Wednesday, June 15, 2011

"Speed Traps" - One Common Type and Why It's Illegal

Anyone who has ever made the drive from Atlanta to Athens knows about the police officers on Georgia Highway 316.  It was not uncommon when I was in college for friends of mine to get pulled over two, three or even four times a year when traveling to and from visiting their families back home in Atlanta. 


I could always expect one or two police cruisers to be sitting at one point - right over a hill after a speed limit drop.  Sometimes, I would see a line of young college students pulled over on the side of the road.

Let’s take a look at one of Georgia’s traffic laws.  O.C.G.A. § 40-14-9 reads:

Evidence obtained by county or municipal law enforcement officers in using speed detection devices within 300 feet of a reduction of a speed limit inside an incorporated municipality or within 600 feet of a reduction of a speed limit outside an incorporated municipality or consolidated city-county government shall be inadmissible in the prosecution of a violation of any municipal ordinance, county ordinance, or state law regulating speed…

Sounds confusing right?  It really isn’t when you break it down.  

The law says that when in a city, radar or laser speed evidence cannot be used against you in court from a device within 300 feet of the point where the speed limit is reduced - the length of a football field.  When not in a city or a mixed city-county government, the length requirement increases to 600 feet or two football fields.

In other words, police officers are not allowed to set up “speed traps” that use radar right after the speed limit drops.  If they do, the radar evidence is inadmissible in court.  In many speeding cases, the radar evidence is the only evidence the prosecutor and officer have against the driver.  Without any other supporting evidence, the court might not have enough evidence to find the driver guilty of speeding.  One must understand, however, that this law only applies to county or city police officers, not a college campus officer, the Georgia Highway patrol or any other type of police officer.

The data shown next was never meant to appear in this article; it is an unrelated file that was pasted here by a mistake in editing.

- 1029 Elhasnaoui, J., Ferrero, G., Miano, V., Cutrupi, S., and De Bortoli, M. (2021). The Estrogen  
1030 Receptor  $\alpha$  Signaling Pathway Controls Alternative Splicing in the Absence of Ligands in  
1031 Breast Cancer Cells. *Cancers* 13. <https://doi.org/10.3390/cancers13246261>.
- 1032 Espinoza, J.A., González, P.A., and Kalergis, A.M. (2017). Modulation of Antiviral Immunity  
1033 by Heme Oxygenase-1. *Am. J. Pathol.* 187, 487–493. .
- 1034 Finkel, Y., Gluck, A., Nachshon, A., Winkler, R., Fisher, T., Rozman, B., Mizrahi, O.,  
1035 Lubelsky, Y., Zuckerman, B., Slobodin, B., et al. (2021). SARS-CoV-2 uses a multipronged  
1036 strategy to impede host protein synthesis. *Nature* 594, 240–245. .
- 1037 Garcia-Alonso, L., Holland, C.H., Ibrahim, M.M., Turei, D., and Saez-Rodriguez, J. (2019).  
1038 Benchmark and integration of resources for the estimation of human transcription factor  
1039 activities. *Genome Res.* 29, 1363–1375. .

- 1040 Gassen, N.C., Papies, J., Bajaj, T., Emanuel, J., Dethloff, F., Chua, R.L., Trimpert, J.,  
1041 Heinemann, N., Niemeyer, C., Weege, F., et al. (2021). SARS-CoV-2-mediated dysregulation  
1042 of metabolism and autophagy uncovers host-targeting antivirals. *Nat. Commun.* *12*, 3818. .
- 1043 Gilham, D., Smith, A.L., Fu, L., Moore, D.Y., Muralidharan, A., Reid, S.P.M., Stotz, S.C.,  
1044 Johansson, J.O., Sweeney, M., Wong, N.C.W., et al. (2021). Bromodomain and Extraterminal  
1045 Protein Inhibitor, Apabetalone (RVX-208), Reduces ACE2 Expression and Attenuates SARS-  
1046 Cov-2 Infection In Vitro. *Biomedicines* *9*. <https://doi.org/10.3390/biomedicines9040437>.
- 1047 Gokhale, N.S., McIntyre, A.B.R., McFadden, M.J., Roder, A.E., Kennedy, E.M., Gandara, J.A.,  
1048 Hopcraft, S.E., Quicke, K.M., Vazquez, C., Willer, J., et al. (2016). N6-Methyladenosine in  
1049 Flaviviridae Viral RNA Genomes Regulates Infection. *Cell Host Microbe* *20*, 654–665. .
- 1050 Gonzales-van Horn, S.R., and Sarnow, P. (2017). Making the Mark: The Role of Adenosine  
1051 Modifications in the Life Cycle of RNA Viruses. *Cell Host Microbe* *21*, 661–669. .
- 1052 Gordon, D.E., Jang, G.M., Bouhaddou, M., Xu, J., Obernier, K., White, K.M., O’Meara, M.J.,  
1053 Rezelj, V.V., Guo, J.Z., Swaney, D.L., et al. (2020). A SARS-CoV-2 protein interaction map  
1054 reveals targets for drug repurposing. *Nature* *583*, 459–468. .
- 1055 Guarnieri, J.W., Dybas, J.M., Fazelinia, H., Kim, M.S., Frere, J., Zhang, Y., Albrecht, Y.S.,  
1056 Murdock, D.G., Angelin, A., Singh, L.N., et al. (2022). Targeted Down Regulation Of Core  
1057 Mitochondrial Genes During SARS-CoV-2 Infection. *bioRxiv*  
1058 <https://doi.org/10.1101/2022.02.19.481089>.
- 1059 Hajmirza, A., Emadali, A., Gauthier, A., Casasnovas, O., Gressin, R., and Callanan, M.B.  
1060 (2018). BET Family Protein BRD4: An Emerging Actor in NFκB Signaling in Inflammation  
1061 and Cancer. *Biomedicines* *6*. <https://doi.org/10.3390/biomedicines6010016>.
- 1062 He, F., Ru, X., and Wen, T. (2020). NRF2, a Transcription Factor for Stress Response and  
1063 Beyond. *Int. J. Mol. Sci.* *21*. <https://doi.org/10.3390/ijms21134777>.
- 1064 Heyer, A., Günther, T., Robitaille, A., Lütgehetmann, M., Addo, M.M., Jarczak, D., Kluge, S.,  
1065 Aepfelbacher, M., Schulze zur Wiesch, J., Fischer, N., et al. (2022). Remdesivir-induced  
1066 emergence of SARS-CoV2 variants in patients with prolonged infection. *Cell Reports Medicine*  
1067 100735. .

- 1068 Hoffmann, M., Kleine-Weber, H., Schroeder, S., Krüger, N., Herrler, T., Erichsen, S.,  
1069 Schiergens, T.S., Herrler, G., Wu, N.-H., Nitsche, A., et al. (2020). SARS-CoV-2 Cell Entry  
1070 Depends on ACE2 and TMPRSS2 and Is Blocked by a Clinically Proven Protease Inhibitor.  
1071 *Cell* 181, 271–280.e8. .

Of course, winning one of these speeding cases requires actually proving to the court that the radar was collected within the zone forbidden by the statute.  Even with photos and measurements of the roadway, you will probably need some testimony from the officer admitting his or her location – often a hard task.

Nevertheless, if all the Athens college students caught in that speed trap had been armed with this knowledge, maybe they could have banded together to put an end to that speed trap.  Remember to always drive safely and within the speed limit, but if you are ever caught in one of these speed traps, contact a good traffic lawyer who can argue your rights in court.

1 comment:

  1. The only thing you forgot to mention is the device can't be within 300/600 ft. They can be beyond 300/600 ft and still get you for speeding, legally, even if YOU are within the 300/600 ft. It is only a limitation on the location of the device. In your Athens example, I'm sure the officers were outside the 300/600 ft requirement.

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